Toni Lydman noticed it the first day of training camp - something was different about Andrej Sekera.
Maybe it was the weight he added in the offseason, or the conditioning he put himself through to prepare for the year.
“Or maybe he was just getting cocky,” Lydman joked.
Whatever it was, the 22-year-old defenseman began to surprise his teammates with his poise on the back end.
“He’s always had the talent, but now - I don’t know if it’s because he’s played quite a few games last year or not - he has that confidence.” Lydman said. “Coming into this year’s training camp he looked comfortable in the scrimmages and exhibition games and now he is carrying that into the regular season.”
Sekera has not only evolved into a full-time player, but has taken a role as part of the team’s top defensive tandem alongside veteran Jaroslav Spacek. His steady play has earned an average of nearly 23 minutes of ice time each game – including Oct. 25 against the Avalanche when Sekera played a career-high 30:44 minutes.
Currently ranked 44th this season among NHL defenseman in that category, Sekera is one of the youngest players to merit the ice time. Only San Jose’s Marc-Edouard Vlasic, 21, is younger than Sekera and averages more playing time (24:27 TOI/G).
“I was a little surprised at first at how much [responsibility] I was getting,” Sekera said. “But if you play well you will get those chances… you just have to be ready for every single game and the opportunity will come.”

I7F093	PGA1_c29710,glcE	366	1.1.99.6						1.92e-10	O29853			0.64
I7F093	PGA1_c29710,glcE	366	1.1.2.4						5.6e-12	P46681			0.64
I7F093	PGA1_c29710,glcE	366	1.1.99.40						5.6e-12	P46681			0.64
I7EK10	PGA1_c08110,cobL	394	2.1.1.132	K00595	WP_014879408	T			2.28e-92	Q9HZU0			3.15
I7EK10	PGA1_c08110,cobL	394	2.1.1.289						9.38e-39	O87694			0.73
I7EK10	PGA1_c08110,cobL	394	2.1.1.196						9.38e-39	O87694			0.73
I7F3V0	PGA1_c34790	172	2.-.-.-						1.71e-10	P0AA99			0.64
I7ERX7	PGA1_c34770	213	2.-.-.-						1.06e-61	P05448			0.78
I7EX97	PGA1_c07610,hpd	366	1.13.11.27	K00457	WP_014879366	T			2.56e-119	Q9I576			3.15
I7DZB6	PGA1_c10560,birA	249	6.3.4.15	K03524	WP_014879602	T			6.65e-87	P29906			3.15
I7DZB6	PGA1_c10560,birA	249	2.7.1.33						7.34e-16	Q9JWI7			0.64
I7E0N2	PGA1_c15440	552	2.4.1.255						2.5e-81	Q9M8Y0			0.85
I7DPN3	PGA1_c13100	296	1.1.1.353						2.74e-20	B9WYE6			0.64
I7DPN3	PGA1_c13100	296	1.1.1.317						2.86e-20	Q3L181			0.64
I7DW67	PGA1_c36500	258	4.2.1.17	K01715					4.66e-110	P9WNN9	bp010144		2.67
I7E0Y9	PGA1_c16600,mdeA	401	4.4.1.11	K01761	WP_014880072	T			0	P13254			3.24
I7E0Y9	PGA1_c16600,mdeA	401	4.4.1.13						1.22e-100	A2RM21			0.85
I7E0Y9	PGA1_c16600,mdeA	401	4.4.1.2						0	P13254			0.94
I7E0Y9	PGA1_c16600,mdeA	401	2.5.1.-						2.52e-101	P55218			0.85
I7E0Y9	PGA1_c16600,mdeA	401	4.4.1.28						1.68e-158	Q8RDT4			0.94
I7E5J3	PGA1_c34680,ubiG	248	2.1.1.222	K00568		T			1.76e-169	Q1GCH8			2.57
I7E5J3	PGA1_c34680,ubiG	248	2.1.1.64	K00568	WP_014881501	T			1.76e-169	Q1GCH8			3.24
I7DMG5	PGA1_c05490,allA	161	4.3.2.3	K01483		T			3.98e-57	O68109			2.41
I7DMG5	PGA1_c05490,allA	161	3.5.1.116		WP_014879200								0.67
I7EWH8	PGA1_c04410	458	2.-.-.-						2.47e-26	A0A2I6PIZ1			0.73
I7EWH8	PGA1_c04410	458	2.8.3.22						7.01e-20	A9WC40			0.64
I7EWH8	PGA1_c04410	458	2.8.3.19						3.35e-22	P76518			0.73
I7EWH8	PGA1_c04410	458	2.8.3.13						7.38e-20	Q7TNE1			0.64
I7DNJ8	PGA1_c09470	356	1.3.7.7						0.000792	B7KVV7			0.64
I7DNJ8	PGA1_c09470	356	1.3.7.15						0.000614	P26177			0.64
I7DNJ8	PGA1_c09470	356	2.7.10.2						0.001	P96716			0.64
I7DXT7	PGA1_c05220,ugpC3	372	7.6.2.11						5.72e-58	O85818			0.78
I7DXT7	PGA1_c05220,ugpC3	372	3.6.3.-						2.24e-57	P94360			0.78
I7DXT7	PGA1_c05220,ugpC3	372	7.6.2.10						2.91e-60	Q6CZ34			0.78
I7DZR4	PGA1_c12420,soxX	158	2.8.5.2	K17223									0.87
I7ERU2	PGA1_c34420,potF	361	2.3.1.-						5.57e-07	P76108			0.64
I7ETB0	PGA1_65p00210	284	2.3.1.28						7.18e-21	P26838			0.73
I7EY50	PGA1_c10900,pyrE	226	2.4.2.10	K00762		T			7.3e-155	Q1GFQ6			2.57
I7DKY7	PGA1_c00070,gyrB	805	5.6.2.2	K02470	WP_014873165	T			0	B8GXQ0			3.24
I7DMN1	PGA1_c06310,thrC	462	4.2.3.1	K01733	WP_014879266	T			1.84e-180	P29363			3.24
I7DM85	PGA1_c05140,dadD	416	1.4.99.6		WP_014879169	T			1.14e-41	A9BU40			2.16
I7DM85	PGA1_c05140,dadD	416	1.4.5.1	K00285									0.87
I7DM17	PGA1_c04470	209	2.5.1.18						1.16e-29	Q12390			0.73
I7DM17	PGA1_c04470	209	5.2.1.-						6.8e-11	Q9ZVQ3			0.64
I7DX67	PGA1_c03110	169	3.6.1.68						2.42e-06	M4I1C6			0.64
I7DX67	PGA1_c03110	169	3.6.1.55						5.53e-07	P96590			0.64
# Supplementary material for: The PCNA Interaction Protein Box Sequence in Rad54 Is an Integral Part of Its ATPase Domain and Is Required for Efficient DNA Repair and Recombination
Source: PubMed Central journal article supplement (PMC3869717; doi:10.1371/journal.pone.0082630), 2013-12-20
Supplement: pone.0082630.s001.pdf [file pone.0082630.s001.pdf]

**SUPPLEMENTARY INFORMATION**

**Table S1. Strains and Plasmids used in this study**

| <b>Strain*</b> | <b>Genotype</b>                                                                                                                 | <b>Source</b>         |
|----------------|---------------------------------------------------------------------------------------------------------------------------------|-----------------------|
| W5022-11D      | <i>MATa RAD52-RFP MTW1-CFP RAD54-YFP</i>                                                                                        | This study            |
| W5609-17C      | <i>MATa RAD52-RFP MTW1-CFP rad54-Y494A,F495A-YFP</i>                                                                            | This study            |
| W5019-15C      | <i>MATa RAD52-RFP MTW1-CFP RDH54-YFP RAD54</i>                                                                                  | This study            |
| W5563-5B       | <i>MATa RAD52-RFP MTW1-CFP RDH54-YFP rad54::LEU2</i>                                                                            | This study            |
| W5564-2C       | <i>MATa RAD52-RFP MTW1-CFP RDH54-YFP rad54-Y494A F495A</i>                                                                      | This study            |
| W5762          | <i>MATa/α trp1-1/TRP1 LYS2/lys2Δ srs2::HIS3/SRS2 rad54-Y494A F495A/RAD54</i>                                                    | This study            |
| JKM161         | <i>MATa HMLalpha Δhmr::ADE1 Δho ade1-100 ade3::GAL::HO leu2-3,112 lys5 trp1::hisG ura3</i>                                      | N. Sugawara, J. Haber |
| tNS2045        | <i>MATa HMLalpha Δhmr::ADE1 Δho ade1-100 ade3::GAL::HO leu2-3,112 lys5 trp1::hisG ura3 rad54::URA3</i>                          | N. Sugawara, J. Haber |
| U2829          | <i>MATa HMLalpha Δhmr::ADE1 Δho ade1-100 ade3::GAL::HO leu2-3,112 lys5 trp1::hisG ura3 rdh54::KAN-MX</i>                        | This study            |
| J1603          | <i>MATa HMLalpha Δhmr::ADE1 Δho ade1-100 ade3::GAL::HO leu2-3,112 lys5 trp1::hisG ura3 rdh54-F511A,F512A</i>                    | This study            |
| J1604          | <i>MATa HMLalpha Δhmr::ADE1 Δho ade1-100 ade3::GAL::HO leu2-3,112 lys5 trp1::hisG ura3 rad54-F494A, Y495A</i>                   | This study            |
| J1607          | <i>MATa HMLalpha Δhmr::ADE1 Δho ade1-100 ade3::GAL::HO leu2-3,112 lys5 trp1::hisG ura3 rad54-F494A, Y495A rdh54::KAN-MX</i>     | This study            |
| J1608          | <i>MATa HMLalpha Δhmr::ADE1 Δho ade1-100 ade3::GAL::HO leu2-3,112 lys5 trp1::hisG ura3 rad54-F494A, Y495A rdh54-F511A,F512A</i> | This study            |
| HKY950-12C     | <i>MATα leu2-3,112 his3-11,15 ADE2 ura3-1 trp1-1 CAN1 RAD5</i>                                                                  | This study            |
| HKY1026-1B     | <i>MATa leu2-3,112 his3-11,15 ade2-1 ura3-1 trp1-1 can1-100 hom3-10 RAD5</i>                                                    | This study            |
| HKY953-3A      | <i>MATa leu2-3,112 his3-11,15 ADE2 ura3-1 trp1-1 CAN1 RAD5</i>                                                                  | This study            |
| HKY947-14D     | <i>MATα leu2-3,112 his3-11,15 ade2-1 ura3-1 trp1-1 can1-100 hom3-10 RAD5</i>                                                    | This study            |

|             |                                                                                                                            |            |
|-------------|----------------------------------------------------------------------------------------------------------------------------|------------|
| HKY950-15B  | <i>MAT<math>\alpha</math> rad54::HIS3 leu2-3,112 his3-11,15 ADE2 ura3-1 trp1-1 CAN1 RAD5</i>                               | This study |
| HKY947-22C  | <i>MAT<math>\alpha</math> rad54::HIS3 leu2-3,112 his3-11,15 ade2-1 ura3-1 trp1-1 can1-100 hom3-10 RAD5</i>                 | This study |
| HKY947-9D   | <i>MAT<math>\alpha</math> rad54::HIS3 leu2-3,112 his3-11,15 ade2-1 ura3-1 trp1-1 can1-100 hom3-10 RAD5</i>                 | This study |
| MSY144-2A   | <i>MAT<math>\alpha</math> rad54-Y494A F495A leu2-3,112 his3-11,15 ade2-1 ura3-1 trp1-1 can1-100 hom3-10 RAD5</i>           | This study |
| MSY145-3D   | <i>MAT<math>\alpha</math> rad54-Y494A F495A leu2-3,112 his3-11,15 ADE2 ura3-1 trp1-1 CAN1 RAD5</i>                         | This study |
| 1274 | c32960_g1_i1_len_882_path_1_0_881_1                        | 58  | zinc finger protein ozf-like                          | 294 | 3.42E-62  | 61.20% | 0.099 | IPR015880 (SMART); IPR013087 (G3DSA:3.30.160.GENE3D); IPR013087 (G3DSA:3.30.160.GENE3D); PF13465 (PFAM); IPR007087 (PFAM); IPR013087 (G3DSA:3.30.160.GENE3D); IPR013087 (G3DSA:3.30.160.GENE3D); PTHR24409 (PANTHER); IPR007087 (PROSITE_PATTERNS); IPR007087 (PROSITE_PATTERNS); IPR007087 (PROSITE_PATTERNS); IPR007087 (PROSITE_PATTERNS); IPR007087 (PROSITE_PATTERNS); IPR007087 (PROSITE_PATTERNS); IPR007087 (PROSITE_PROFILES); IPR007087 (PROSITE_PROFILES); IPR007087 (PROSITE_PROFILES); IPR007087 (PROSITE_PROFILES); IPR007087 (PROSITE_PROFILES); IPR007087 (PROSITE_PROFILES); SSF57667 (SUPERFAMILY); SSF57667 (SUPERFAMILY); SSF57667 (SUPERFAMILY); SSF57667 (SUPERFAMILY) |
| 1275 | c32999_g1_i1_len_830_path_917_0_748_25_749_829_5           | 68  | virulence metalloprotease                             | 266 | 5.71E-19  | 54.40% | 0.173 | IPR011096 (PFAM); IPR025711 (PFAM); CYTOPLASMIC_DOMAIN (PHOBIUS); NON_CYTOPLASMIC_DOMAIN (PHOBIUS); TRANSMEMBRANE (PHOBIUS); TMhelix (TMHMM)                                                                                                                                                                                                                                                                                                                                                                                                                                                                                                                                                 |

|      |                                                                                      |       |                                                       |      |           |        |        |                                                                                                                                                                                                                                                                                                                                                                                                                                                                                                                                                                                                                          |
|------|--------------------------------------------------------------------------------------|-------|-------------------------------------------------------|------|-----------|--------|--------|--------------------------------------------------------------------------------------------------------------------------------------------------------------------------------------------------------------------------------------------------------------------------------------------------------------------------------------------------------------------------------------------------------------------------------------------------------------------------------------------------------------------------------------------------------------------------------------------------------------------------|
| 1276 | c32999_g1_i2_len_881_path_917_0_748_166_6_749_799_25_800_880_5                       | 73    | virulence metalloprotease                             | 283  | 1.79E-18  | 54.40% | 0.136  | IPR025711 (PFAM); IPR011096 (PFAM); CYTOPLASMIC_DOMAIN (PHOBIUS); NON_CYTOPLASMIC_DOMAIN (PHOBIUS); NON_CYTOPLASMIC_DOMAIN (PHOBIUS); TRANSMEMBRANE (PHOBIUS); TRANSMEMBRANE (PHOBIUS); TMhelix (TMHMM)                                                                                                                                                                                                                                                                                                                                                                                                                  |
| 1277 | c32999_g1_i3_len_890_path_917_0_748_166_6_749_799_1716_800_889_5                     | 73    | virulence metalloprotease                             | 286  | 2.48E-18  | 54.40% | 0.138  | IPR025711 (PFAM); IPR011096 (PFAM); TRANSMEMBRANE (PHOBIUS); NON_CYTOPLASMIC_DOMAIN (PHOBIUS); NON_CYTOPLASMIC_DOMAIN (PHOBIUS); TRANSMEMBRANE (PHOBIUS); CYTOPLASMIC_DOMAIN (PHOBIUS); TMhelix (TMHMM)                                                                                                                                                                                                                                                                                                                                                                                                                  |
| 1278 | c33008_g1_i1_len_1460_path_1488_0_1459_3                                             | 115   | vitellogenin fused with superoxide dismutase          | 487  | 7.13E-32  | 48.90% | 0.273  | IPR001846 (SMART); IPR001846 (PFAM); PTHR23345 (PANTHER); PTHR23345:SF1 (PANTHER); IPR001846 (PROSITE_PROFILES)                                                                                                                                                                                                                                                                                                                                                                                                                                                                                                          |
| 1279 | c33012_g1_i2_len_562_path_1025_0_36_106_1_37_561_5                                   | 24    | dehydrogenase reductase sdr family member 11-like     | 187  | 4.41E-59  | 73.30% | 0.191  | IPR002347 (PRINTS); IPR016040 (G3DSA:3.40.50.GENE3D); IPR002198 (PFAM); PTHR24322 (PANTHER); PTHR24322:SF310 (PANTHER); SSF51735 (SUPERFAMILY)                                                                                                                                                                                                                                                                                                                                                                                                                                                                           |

“After seeing what he did last season, I expected a lot from him this year,” Lydman said. “And he certainly hasn’t disappointed.”
Part of Sekera’s success can be attributed to his partner in Spacek. The veteran has been crucial in his development, particularly on special teams.
“He teaches me a lot of things, he talks to me on the ice and off and just makes my life easier out there,” Sekera said. “I’m glad to be his partner.”
“[Sekera] is in a tough spot on the right side too as a left-handed shot,” Adam Mair said of the pairing. “That makes it a little bit more difficult… but he’s done well for himself.
“I think he’s a pretty confident guy now and hasn’t felt out of place this season. He carries the puck well, skates with it and isn’t afraid to try to make plays… Seeing that out of a young defenseman is good.”
Sekera believes it is their style of play that complements each other as he is more inclined to join the rush while Spacek acts a stay-at-home defenseman.
“But more than that, they are countrymen,” Mair said.
Sekera is from Slovakia while Spacek was raised in the neighboring Czech Republic.
“They are able to talk about plays and have a good rapport and good chemistry that way,” Mair said. “[Spacek] is able to mentor Rej a little bit and show him the ropes so to speak.”
“I feel more confident every single day, every single practice, every single game,” Sekera said. “I just want to keep doing every single thing I can to get better and prove that I belong here,”